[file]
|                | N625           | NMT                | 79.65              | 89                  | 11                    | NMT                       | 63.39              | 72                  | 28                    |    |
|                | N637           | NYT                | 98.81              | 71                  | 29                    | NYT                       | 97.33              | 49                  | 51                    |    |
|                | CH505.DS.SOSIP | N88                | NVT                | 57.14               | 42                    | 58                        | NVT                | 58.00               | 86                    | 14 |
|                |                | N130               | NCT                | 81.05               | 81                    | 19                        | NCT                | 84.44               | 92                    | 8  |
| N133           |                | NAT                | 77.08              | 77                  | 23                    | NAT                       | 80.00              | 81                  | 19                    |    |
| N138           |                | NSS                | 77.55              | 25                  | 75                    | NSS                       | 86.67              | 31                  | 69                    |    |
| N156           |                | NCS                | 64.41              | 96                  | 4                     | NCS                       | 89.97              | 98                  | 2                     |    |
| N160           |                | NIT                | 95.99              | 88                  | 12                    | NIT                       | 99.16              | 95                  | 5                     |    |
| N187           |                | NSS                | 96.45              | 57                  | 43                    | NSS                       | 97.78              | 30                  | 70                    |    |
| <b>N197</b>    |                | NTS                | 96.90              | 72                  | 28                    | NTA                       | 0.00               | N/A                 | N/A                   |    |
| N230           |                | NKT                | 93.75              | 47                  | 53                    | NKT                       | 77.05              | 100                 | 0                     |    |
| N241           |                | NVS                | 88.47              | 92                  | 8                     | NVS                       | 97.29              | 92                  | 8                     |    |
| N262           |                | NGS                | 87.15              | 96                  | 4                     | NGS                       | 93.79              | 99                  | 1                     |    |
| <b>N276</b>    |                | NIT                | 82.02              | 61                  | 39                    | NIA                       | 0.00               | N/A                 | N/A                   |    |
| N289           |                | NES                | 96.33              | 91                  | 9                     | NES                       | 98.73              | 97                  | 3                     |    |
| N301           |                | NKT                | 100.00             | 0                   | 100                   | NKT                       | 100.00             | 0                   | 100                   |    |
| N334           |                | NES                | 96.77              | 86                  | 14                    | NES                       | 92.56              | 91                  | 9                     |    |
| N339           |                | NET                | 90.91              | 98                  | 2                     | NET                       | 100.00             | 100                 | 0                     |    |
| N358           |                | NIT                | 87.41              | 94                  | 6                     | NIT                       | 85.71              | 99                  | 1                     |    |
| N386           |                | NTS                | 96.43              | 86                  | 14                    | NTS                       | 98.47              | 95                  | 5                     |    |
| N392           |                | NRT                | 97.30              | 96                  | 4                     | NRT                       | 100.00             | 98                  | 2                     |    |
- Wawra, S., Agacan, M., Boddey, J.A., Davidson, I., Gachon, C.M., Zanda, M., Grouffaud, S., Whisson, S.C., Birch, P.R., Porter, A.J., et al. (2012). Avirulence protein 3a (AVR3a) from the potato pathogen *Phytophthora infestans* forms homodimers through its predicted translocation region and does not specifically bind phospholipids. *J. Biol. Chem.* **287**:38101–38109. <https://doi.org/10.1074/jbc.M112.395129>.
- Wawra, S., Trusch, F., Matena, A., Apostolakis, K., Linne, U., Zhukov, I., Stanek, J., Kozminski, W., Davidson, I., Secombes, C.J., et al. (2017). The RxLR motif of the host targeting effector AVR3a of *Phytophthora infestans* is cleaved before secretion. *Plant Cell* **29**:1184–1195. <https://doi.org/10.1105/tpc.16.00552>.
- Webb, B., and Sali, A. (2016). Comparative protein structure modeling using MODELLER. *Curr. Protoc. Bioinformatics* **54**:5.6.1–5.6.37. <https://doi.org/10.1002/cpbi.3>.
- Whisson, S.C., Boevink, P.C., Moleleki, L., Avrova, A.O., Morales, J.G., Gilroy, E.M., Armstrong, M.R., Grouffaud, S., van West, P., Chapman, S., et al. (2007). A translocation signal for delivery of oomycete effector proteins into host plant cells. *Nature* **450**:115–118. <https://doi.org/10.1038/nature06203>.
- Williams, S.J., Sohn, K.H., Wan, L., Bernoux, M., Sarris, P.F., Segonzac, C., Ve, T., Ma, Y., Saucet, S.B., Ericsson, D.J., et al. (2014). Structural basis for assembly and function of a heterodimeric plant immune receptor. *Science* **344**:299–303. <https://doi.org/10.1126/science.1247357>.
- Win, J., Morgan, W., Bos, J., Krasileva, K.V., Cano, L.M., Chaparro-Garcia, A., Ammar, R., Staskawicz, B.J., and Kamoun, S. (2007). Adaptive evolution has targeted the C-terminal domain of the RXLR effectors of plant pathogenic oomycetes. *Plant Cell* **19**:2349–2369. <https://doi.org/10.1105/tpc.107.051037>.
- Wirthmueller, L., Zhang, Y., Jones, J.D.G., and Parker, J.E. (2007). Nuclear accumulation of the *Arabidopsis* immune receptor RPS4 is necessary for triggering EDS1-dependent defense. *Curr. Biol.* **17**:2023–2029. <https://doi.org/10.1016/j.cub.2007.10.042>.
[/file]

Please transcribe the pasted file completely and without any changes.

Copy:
|                | N625           | NMT                | 79.65              | 89                  | 11                    | NMT                       | 63.39              | 72                  | 28                    |    |
|                | N637           | NYT                | 98.81              | 71                  | 29                    | NYT                       | 97.33              | 49                  | 51                    |    |
|                | CH505.DS.SOSIP | N88                | NVT                | 57.14               | 42                    | 58                        | NVT                | 58.00               | 86                    | 14 |
|                |                | N130               | NCT                | 81.05               | 81                    | 19                        | NCT                | 84.44               | 92                    | 8  |
| N133           |                | NAT                | 77.08              | 77                  | 23                    | NAT                       | 80.00              | 81                  | 19                    |    |
| N138           |                | NSS                | 77.55              | 25                  | 75                    | NSS                       | 86.67              | 31                  | 69                    |    |
| N156           |                | NCS                | 64.41              | 96                  | 4                     | NCS                       | 89.97              | 98                  | 2                     |    |
| N160           |                | NIT                | 95.99              | 88                  | 12                    | NIT                       | 99.16              | 95                  | 5                     |    |
| N187           |                | NSS                | 96.45              | 57                  | 43                    | NSS                       | 97.78              | 30                  | 70                    |    |
| <b>N197</b>    |                | NTS                | 96.90              | 72                  | 28                    | NTA                       | 0.00               | N/A                 | N/A                   |    |
| N230           |                | NKT                | 93.75              | 47                  | 53                    | NKT                       | 77.05              | 100                 | 0                     |    |
| N241           |                | NVS                | 88.47              | 92                  | 8                     | NVS                       | 97.29              | 92                  | 8                     |    |
| N262           |                | NGS                | 87.15              | 96                  | 4                     | NGS                       | 93.79              | 99                  | 1                     |    |
| <b>N276</b>    |                | NIT                | 82.02              | 61                  | 39                    | NIA                       | 0.00               | N/A                 | N/A                   |    |
| N289           |                | NES                | 96.33              | 91                  | 9                     | NES                       | 98.73              | 97                  | 3                     |    |
| N301           |                | NKT                | 100.00             | 0                   | 100                   | NKT                       | 100.00             | 0                   | 100                   |    |
| N334           |                | NES                | 96.77              | 86                  | 14                    | NES                       | 92.56              | 91                  | 9                     |    |
| N339           |                | NET                | 90.91              | 98                  | 2                     | NET                       | 100.00             | 100                 | 0                     |    |
| N358           |                | NIT                | 87.41              | 94                  | 6                     | NIT                       | 85.71              | 99                  | 1                     |    |
| N386           |                | NTS                | 96.43              | 86                  | 14                    | NTS                       | 98.47              | 95                  | 5                     |    |
| N392           |                | NRT                | 97.30              | 96                  | 4                     | NRT                       | 100.00             | 98                  | 2                     |    |
- Wawra, S., Agacan, M., Boddey, J.A., Davidson, I., Gachon, C.M., Zanda, M., Grouffaud, S., Whisson, S.C., Birch, P.R., Porter, A.J., et al. (2012). Avirulence protein 3a (AVR3a) from the potato pathogen *Phytophthora infestans* forms homodimers through its predicted translocation region and does not specifically bind phospholipids. *J. Biol. Chem.* **287**:38101–38109. <https://doi.org/10.1074/jbc.M112.395129>.
- Wawra, S., Trusch, F., Matena, A., Apostolakis, K., Linne, U., Zhukov, I., Stanek, J., Kozminski, W., Davidson, I., Secombes, C.J., et al. (2017). The RxLR motif of the host targeting effector AVR3a of *Phytophthora infestans* is cleaved before secretion. *Plant Cell* **29**:1184–1195. <https://doi.org/10.1105/tpc.16.00552>.
- Webb, B., and Sali, A. (2016). Comparative protein structure modeling using MODELLER. *Curr. Protoc. Bioinformatics* **54**:5.6.1–5.6.37. <https://doi.org/10.1002/cpbi.3>.
- Whisson, S.C., Boevink, P.C., Moleleki, L., Avrova, A.O., Morales, J.G., Gilroy, E.M., Armstrong, M.R., Grouffaud, S., van West, P., Chapman, S., et al. (2007). A translocation signal for delivery of oomycete effector proteins into host plant cells. *Nature* **450**:115–118. <https://doi.org/10.1038/nature06203>.
- Williams, S.J., Sohn, K.H., Wan, L., Bernoux, M., Sarris, P.F., Segonzac, C., Ve, T., Ma, Y., Saucet, S.B., Ericsson, D.J., et al. (2014). Structural basis for assembly and function of a heterodimeric plant immune receptor. *Science* **344**:299–303. <https://doi.org/10.1126/science.1247357>.
- Win, J., Morgan, W., Bos, J., Krasileva, K.V., Cano, L.M., Chaparro-Garcia, A., Ammar, R., Staskawicz, B.J., and Kamoun, S. (2007). Adaptive evolution has targeted the C-terminal domain of the RXLR effectors of plant pathogenic oomycetes. *Plant Cell* **19**:2349–2369. <https://doi.org/10.1105/tpc.107.051037>.
- Wirthmueller, L., Zhang, Y., Jones, J.D.G., and Parker, J.E. (2007). Nuclear accumulation of the *Arabidopsis* immune receptor RPS4 is necessary for triggering EDS1-dependent defense. *Curr. Biol.* **17**:2023–2029. <https://doi.org/10.1016/j.cub.2007.10.042>.